You could call it a Lego competition for the biological sciences.
To those in the know, it’s called iGEM, or International Genetically Engineered Machine competition, which challenges undergraduates to build novel biological systems that actually operate within living cells.
A UW team of five undergraduates, four graduate student advisors and one faculty member, received a gold medal for its work, most of which occurred in UW laboratories throughout the summer.
A second UW team was composed of one undergraduate student, an 11-year-old unmatriculated UW student, and a group of advisers. That team, which was focused on software, literally did use Lego pieces to build a device to replace expensive lab equipment for assembling biological parts.
This is just the second year the UW has participated in iGEM. In their first year, students garnered a bronze medal. This year’s results, along with the teams’ entries, can be viewed online here. The iGEM Jamboree, the culminating event of the competition, took place Oct. 31 to Nov. 2 at MIT.
Faculty adviser to the first team Eric Klavins, associate professor of electrical engineering, summarizes the goal of iGEM as “getting bacteria to do neat things.” In reality, undergraduates are performing genetic engineering experiments that, a generation ago, were considered exotic and required expertise in a number of disciplines. Now, the technical job of modifying the genetic components of bacteria is done according to well-developed recipes. “This is very well worked out, and many of the tools that the students are using actually come in standard kits,” Klavins says.
Teams that want to compete for the top prizes are encouraged to set lofty goals. This year’s grand prize winner, from Cambridge University, developed a system for determining when a water sample is contaminated, by developing bacteria that would turn various colors to indicate which contaminant was present. This system could be used in remote locations that are unfriendly to sensitive and power-hungry precision instruments.
“The iGEM competition stimulates research in synthetic biology, no doubt about that,” says Herbert Sauro, associate professor of bioengineering and adviser to the second team. “There are so many ideas that come out, you can’t avoid getting some really innovative concepts. You get these things that people [in the research community] would say ‘Oh , you couldn’t do that,’ but then you get these young things trying and they get halfway there.”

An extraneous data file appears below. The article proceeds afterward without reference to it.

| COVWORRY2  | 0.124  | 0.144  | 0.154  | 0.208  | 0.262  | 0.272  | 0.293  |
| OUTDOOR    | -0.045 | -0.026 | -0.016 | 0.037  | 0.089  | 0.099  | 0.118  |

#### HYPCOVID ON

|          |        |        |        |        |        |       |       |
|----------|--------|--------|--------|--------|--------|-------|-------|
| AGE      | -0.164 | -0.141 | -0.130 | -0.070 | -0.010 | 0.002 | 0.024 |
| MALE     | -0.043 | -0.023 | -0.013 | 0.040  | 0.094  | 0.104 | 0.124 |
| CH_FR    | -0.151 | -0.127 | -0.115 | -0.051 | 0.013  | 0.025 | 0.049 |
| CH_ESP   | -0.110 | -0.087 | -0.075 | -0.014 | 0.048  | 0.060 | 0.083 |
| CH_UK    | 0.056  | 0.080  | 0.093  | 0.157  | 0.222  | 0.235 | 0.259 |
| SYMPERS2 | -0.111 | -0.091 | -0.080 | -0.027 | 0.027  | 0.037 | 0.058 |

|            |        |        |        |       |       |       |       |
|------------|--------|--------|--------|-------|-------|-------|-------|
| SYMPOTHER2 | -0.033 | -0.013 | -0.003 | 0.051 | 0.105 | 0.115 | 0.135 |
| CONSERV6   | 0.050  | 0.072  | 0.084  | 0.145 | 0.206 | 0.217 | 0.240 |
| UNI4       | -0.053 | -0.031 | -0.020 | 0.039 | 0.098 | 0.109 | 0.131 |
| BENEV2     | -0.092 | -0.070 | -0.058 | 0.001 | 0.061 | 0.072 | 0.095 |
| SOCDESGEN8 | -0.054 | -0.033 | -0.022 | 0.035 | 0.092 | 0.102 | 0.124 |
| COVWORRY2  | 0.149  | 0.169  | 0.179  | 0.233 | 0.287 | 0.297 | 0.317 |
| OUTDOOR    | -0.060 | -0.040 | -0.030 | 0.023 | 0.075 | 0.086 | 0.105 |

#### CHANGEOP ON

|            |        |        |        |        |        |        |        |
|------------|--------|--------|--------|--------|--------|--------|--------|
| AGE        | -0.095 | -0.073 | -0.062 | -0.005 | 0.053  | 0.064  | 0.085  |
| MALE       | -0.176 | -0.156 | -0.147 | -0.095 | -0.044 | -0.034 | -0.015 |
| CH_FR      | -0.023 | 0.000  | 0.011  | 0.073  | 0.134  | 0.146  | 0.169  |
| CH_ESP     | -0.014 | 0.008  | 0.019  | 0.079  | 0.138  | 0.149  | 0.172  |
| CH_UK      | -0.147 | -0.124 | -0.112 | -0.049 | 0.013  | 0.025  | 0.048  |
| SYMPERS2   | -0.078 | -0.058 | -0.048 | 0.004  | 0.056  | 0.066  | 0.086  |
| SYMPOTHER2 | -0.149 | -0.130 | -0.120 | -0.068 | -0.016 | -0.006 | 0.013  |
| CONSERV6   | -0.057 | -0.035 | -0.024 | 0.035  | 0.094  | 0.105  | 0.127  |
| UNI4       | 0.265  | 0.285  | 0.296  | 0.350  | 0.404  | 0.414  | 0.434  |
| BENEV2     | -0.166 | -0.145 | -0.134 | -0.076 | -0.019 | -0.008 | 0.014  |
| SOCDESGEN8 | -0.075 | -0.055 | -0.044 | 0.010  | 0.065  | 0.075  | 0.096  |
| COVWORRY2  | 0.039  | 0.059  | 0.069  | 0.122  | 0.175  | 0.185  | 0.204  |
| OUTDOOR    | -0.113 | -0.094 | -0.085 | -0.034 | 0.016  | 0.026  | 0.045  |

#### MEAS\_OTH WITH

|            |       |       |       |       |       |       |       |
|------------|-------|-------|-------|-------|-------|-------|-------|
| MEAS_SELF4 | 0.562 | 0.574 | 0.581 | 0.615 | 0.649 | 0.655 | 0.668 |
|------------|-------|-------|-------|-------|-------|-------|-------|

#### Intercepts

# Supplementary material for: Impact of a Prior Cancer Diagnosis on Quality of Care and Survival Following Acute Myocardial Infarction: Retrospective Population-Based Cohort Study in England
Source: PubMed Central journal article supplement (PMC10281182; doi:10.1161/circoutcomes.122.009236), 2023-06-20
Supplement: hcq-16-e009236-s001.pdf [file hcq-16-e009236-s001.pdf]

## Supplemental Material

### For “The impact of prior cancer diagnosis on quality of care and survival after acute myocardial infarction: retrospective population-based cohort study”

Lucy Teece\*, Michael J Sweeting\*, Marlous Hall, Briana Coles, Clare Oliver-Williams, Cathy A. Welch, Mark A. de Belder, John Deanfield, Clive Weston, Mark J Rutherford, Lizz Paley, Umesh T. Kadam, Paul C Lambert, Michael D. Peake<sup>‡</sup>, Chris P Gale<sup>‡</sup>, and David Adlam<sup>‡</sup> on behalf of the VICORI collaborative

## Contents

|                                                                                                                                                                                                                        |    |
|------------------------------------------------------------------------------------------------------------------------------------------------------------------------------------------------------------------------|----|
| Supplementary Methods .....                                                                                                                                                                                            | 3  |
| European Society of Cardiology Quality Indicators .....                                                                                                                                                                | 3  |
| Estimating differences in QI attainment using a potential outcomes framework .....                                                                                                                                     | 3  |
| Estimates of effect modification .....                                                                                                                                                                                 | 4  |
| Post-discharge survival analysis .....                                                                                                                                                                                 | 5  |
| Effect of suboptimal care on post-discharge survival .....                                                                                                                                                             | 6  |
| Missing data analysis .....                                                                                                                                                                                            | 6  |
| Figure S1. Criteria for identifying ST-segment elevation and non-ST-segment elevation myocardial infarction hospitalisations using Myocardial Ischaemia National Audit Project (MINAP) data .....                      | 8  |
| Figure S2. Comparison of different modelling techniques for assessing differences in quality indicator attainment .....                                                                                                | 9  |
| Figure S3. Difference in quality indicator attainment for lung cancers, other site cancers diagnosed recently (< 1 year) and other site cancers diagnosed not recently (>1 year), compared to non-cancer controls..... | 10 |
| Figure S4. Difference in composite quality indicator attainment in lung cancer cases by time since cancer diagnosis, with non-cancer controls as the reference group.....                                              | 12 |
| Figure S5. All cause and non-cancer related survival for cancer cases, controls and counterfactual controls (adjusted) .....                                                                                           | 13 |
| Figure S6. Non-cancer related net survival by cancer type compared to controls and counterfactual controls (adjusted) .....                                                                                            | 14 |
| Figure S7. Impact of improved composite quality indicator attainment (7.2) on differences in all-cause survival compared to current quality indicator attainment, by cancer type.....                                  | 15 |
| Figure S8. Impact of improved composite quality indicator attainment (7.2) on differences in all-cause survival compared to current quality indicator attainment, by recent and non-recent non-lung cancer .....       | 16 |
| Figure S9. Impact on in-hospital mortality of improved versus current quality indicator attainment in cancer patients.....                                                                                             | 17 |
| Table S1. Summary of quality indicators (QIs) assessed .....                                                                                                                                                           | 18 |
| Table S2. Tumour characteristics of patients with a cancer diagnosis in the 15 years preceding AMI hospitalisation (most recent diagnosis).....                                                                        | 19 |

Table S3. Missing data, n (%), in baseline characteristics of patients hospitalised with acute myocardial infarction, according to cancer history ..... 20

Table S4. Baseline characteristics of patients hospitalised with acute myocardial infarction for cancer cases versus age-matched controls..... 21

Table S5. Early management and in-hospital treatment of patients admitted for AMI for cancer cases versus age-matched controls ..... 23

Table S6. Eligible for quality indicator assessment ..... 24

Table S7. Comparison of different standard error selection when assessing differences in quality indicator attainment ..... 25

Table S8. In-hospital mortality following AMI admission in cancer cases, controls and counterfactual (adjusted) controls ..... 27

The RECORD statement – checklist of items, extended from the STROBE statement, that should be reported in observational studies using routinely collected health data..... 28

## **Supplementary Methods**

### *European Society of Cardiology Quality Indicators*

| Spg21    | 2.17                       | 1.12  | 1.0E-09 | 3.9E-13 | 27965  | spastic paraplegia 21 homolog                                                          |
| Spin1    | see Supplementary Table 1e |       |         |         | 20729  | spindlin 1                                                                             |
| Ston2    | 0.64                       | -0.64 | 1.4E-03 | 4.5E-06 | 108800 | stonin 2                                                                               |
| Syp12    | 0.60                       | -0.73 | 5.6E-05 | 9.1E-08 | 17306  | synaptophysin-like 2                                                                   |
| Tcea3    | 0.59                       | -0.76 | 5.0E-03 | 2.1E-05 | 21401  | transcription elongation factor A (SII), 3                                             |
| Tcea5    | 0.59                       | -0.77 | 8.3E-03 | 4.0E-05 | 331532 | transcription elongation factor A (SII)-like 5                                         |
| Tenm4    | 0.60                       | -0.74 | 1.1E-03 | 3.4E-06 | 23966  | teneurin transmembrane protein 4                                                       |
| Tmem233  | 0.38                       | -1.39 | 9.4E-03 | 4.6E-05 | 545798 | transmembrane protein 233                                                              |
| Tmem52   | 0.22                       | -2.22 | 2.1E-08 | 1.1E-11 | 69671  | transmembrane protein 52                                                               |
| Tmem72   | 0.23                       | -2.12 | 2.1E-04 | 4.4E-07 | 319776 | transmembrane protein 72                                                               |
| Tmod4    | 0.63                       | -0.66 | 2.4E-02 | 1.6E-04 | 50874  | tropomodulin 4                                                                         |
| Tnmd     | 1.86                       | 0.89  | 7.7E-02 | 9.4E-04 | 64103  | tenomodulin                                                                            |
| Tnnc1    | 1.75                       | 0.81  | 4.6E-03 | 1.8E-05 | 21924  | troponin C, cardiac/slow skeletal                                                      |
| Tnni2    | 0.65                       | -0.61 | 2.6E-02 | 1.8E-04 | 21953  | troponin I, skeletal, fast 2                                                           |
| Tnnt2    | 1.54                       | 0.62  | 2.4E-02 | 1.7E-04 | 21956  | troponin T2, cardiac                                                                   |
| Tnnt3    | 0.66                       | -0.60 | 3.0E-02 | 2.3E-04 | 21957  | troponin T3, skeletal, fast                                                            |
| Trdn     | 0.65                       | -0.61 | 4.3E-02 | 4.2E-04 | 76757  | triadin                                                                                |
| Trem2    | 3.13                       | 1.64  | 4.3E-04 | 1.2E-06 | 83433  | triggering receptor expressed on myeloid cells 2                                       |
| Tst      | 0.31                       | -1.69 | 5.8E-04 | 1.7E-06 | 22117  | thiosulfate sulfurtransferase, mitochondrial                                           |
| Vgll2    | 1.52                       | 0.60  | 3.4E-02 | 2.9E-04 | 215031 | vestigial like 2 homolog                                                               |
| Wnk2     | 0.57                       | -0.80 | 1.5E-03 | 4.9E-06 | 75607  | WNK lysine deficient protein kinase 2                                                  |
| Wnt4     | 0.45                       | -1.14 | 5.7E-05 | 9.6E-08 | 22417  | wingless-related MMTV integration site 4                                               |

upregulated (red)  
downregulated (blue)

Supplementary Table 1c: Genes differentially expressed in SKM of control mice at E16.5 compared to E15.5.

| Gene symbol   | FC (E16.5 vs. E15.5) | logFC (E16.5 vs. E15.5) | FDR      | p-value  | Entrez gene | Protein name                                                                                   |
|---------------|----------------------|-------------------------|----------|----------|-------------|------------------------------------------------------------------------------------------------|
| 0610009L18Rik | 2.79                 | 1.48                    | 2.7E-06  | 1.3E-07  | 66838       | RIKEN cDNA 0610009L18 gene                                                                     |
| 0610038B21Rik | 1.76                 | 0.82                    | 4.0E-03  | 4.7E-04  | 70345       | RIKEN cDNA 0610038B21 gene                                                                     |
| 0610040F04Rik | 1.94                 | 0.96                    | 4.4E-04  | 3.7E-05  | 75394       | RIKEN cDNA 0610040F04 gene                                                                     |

The undergraduates on the first UW team — one junior and four seniors — came from biochemistry, bioengineering, physics, and molecular and developmental biology. A background in the biological sciences was not essential for participating on the team. Indeed, the only UW courses that address the emerging field of synthetic biology are in engineering. This makes sense, Klavins says, because synthetic biology is based on taking standardized parts and putting them together in living systems — in the case of iGEM, those living systems are usually bacteria.
The second team was dominated by a surprising force, Gabriel See, an 11-year-old who is currently taking an advanced course in mathematical biology and has been working with UW mentors since he was 8 years old.
“He’s quite interesting,” Sauro said. “He would show me his calculations because he was doing three-dimensional trigonometry to figure out how to control the two motors to get from one part of the plate to the other part of the plate. It was quite sophisticated mathematics.”
See’s team ended up earning a silver medal. You can watch him demonstrating the Lego device here. The iGEM contests began in 2003, and each year the standardized parts developed by participating teams are entered into the Registry of Standard Biological Parts — very much like a hardware store for synthetic biology. The registry now boasts about 5,000 parts. Every team entering the competition is given about 1,000 parts as kind of a starter kit, although teams are not limited to using only what they are given, nor are they limited to items from the registry. As part of the project, each team usually ends up making five to 10 new parts, which become part of the registry for following years.